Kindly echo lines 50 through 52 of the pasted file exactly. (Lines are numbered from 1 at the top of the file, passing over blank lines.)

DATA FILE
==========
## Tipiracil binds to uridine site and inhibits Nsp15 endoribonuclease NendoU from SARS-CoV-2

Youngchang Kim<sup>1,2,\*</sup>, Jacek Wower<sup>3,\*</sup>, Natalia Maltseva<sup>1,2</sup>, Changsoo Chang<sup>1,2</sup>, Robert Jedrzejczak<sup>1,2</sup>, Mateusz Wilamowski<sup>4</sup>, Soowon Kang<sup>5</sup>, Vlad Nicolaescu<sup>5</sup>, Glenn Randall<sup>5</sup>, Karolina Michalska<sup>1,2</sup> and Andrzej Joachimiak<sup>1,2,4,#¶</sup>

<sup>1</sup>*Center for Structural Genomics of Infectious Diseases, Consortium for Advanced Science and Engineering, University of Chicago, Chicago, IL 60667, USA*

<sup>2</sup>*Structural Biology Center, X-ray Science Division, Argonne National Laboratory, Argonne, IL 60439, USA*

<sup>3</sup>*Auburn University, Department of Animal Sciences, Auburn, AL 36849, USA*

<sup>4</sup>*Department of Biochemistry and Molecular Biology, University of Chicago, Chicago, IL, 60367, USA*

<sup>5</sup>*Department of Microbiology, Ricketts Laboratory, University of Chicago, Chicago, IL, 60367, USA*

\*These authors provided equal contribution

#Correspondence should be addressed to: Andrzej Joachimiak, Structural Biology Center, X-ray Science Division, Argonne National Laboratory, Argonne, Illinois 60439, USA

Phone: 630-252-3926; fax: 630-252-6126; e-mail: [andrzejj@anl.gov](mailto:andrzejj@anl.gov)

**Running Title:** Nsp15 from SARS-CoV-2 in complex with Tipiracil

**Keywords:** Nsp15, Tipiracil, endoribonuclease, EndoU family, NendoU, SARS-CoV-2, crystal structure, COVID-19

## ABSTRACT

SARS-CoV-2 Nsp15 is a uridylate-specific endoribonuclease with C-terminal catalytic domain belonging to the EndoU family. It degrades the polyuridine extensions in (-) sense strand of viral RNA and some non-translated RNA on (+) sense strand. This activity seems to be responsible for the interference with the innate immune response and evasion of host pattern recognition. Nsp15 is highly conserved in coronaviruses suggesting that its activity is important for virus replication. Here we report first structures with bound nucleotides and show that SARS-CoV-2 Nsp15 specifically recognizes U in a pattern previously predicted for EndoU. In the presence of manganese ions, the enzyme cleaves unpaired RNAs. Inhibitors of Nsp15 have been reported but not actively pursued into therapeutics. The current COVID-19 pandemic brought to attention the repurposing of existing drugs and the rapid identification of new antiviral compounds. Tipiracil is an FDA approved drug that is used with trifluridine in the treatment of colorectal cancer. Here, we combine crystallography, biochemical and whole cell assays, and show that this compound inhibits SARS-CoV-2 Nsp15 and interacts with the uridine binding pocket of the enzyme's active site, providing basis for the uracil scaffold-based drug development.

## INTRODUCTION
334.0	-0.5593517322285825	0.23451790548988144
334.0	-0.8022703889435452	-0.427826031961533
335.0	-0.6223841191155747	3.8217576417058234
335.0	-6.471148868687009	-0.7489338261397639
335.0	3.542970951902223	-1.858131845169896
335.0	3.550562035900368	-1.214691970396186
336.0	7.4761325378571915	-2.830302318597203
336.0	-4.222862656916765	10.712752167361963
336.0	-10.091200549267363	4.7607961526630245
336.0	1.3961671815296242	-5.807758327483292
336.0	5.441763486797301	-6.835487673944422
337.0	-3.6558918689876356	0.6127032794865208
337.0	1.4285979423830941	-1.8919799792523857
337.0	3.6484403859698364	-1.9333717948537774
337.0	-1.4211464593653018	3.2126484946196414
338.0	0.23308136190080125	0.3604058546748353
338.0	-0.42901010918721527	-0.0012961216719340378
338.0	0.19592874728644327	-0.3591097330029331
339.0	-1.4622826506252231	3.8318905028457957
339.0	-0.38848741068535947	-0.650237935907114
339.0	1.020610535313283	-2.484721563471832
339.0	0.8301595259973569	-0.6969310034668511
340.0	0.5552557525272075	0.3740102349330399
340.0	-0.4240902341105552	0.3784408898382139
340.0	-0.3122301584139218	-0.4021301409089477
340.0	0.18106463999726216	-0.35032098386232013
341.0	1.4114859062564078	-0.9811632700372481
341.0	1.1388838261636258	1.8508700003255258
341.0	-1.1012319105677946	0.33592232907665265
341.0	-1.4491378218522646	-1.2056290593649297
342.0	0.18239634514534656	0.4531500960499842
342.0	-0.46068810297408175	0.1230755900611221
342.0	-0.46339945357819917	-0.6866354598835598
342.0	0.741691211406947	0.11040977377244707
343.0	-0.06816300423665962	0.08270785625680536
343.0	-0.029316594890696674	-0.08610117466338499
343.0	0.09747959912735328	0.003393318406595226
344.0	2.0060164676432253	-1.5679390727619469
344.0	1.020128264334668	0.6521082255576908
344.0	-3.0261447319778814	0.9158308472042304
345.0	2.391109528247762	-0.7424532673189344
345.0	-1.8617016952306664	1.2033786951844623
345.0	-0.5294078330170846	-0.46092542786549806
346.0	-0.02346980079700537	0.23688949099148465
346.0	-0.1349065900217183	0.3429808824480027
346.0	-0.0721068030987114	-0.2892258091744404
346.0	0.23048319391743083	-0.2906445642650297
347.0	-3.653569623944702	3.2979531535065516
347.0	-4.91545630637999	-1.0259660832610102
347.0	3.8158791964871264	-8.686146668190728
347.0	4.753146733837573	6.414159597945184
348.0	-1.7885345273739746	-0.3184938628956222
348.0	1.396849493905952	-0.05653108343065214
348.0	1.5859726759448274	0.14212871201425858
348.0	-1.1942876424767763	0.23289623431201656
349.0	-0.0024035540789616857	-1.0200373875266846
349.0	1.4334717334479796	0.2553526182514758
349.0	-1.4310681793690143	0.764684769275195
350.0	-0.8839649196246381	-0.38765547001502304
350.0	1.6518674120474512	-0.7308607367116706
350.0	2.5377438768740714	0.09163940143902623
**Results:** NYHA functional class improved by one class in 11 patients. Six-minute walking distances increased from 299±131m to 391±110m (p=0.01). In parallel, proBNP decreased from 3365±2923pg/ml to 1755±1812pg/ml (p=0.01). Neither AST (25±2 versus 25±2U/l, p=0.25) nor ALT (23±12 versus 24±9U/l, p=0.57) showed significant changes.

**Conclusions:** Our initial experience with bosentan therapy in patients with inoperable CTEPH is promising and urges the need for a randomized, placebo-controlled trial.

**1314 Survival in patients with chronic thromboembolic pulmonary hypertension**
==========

343.0	-0.06816300423665962	0.08270785625680536
343.0	-0.029316594890696674	-0.08610117466338499
343.0	0.09747959912735328	0.003393318406595226